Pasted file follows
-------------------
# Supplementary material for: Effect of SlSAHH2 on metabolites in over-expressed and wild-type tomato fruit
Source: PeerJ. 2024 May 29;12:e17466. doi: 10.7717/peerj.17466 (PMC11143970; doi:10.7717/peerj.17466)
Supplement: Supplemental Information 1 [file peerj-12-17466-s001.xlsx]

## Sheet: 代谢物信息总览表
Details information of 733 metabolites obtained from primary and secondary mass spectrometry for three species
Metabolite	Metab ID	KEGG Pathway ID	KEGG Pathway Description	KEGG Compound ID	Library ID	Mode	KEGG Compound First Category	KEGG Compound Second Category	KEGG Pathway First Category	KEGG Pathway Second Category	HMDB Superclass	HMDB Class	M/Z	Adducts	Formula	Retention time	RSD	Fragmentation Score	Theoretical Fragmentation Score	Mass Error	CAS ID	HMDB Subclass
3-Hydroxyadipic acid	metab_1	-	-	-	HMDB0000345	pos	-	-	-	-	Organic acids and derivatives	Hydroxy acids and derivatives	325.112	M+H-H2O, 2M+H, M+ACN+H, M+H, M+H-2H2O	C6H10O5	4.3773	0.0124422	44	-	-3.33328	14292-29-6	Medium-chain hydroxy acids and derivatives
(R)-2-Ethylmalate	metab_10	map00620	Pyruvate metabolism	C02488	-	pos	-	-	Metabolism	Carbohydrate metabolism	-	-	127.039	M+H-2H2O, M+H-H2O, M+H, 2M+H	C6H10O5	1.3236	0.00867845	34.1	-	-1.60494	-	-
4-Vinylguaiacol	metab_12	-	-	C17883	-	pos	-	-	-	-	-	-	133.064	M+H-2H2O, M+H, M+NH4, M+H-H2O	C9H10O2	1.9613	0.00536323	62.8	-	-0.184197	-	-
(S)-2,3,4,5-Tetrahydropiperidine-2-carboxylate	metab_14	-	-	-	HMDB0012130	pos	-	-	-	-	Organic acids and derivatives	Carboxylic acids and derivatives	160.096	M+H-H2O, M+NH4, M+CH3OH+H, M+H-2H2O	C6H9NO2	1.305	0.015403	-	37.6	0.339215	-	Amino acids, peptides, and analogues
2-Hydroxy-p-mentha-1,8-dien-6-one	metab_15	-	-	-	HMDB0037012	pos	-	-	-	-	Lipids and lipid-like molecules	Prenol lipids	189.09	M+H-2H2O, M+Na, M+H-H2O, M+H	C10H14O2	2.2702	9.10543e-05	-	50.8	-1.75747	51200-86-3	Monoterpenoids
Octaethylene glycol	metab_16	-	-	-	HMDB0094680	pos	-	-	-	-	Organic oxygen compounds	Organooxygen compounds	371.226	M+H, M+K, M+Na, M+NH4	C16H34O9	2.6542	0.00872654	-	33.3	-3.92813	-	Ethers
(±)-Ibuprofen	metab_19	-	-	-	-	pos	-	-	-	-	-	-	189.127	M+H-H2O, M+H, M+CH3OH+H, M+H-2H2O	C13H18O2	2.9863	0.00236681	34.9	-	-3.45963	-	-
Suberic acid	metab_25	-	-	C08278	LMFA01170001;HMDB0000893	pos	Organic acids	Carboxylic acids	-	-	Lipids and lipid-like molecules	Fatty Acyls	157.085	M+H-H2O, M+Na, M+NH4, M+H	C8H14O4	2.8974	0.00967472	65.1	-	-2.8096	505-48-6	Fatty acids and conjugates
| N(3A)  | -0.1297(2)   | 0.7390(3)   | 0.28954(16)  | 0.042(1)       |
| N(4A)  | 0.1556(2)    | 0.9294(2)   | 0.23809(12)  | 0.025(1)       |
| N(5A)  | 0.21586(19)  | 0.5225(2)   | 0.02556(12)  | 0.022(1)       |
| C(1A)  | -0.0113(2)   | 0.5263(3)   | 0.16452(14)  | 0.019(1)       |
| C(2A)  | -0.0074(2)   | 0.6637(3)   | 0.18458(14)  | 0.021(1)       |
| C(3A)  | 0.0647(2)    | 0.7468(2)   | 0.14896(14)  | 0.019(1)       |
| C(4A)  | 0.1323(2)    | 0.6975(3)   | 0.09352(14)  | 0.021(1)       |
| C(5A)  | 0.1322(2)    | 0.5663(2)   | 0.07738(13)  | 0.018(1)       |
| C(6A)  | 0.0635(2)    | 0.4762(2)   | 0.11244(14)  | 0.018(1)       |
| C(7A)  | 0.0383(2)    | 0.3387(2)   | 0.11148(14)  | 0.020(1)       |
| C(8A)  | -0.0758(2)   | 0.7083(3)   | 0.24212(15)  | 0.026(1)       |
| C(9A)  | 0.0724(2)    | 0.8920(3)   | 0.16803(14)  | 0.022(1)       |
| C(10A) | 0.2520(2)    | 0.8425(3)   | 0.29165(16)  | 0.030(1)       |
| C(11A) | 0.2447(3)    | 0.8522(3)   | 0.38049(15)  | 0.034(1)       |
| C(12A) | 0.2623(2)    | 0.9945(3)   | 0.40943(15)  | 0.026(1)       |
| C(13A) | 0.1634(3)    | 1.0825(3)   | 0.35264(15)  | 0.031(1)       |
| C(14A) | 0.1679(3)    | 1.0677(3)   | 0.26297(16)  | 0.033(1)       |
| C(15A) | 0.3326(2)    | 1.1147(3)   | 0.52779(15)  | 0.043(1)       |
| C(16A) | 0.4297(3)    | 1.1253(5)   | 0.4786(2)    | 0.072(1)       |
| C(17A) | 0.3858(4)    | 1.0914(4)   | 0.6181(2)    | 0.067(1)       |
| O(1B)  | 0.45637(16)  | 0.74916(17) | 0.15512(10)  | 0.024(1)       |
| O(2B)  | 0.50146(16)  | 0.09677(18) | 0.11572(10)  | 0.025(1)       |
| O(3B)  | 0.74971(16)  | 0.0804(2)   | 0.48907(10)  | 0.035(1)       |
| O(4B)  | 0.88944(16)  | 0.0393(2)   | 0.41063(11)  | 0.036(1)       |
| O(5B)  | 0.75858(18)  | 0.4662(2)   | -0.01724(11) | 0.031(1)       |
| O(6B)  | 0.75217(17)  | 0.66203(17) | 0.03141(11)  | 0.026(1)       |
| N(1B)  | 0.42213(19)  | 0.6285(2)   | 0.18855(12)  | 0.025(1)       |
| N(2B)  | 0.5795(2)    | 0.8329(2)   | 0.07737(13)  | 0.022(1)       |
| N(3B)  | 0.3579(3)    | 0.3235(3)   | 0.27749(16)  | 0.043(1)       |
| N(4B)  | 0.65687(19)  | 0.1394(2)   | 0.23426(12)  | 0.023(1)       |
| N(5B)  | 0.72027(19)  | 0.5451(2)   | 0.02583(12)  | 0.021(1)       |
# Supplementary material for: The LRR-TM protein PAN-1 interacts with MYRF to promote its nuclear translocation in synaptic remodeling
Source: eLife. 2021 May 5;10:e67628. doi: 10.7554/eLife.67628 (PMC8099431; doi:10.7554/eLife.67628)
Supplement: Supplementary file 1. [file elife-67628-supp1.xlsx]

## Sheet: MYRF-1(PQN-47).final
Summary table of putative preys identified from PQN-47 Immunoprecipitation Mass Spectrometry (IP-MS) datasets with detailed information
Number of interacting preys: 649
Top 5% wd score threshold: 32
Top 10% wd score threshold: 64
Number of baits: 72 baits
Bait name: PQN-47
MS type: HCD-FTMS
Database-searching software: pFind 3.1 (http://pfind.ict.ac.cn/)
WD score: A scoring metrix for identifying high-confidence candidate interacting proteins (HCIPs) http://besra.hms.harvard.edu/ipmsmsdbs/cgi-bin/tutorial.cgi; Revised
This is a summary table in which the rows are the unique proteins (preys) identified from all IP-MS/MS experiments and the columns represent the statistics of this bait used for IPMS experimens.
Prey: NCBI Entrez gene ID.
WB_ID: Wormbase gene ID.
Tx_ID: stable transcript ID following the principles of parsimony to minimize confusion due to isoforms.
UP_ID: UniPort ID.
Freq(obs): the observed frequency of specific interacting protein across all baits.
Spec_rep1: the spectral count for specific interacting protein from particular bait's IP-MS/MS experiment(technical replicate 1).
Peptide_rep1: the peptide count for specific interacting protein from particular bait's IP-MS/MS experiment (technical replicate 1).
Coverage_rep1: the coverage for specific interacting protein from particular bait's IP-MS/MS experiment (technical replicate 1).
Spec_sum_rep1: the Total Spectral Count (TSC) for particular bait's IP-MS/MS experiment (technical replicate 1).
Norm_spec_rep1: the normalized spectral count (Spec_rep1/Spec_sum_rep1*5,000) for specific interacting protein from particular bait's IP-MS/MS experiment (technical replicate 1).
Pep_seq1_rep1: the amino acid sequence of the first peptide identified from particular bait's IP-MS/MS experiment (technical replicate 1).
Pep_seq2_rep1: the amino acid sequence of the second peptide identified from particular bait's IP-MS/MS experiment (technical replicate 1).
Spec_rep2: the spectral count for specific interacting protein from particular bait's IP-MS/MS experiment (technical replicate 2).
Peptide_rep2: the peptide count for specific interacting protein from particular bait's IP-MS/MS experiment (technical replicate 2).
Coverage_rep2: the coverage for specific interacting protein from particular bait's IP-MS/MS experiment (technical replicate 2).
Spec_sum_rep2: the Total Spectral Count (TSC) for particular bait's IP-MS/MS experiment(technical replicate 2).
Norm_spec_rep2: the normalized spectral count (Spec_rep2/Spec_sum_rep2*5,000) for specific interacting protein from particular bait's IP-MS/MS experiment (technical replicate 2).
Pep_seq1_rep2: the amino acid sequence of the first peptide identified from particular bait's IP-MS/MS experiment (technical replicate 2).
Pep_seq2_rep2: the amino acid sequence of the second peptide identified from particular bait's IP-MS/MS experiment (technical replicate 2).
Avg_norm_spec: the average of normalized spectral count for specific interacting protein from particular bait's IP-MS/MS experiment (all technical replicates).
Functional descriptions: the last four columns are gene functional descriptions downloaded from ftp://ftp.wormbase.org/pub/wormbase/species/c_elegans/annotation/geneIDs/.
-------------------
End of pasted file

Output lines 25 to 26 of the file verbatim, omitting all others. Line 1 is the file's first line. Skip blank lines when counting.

| C(8A)  | -0.0758(2)   | 0.7083(3)   | 0.24212(15)  | 0.026(1)       |
| C(9A)  | 0.0724(2)    | 0.8920(3)   | 0.16803(14)  | 0.022(1)       |